The NUS at the Zone Conference was fixated on the idea of ‘public value’ – how does our movement and our Union theorise the idea of Universities as a public good? This is clearly a step forward. The language used by both NUS and other Sabbatical officers shows a shift toward the rejection of marketisation of education and uses many of the rhetorical flourishes of the left.

Despite this shift, it is clear that what NUS lacks is the political capability and will to lead a defence of education on the basis of these values. It cannot again be in the situation of 2010 where the movement nearly moved outside of its control. Sabbatical officers and activists are invited to discuss the ideological avenues of what education would look like as a public good, but not crucially how to fight for it and win.

We are in a position in which free education, student grants and the reversal of cuts to arts and humanities are as “utopian” as the proposal of £6,000 fees of the Labour Party. In this climate, we need to re-orientate the movement around these simple principles and demands.

  • Education is not under attack in isolation. Austerity due to the financial crisis has pushed governments to cut state expenditure to increase profitability and prove themselves as defenders of ruling class interests. We need unity with all those who are losing out as a result of austerity measures.
  • The single biggest blow to marketisation in education would be if we no longer had to pay for it – we must demand immediately free education, funded by taxing the rich.
  • Fees are not the only barriers to education – many students are priced out of halls, equipment and the other essentials that a student requires. We must demand the installation of a system of living grants.
  • Investment in education, both HE and FE to relieve under-staffed and under equipped institutions funded by taxation of the rich.

On such a programme, we need to work toward the maximum possible unity between the existing national and local education campaigns such as the Education Activist Network, Campaign for the Public University, Free Education Network, National Campaign Against Fees and Cuts, the local anti-cuts groups and assemblies. Our focus must be on forming a coherent strategy for both making the demonstration highly political  and carry these demands, but crucially be able to initiate activities after the demonstration to take the anger that will be on display on the 21st back to our campuses into something unified and effective.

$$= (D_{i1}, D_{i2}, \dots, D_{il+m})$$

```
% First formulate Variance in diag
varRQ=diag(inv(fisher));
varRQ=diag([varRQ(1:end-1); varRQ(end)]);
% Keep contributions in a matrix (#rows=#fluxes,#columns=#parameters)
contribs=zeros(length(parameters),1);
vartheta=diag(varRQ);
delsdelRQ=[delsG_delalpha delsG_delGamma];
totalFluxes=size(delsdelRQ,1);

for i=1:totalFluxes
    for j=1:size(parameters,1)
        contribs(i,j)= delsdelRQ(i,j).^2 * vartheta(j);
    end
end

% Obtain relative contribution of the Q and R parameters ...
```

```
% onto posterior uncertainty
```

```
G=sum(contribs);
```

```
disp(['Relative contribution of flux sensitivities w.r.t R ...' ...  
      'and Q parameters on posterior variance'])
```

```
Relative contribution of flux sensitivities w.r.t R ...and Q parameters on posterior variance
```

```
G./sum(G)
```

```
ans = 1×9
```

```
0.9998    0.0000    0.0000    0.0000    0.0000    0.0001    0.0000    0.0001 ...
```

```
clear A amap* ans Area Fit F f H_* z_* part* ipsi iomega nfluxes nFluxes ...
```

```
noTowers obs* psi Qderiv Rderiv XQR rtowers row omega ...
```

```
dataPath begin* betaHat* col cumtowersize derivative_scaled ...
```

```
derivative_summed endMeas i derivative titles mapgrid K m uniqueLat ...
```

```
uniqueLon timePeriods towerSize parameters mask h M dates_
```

It is without doubt that this academic year will be difficult -but we must throw ourselves into making the demonstration on the 21st big, but crucially promote our local networks to build organisations outside of the NUS which can lead the movement to such victories was were seen in Quebec.

This article does not necessarily reflect all those active in the Education Activist Network. Have your say – email

The Education Activist Network is organising an open organising meeting at SOAS at 7pm on November 7. Click here

For a full report from EAN Conference (click here) and Action points (click here)

About educationactivistnetwork
The education activist network provides national coordination for trade unionists, academics, university workers and student campaigners fighting to defend jobs and education in the UK.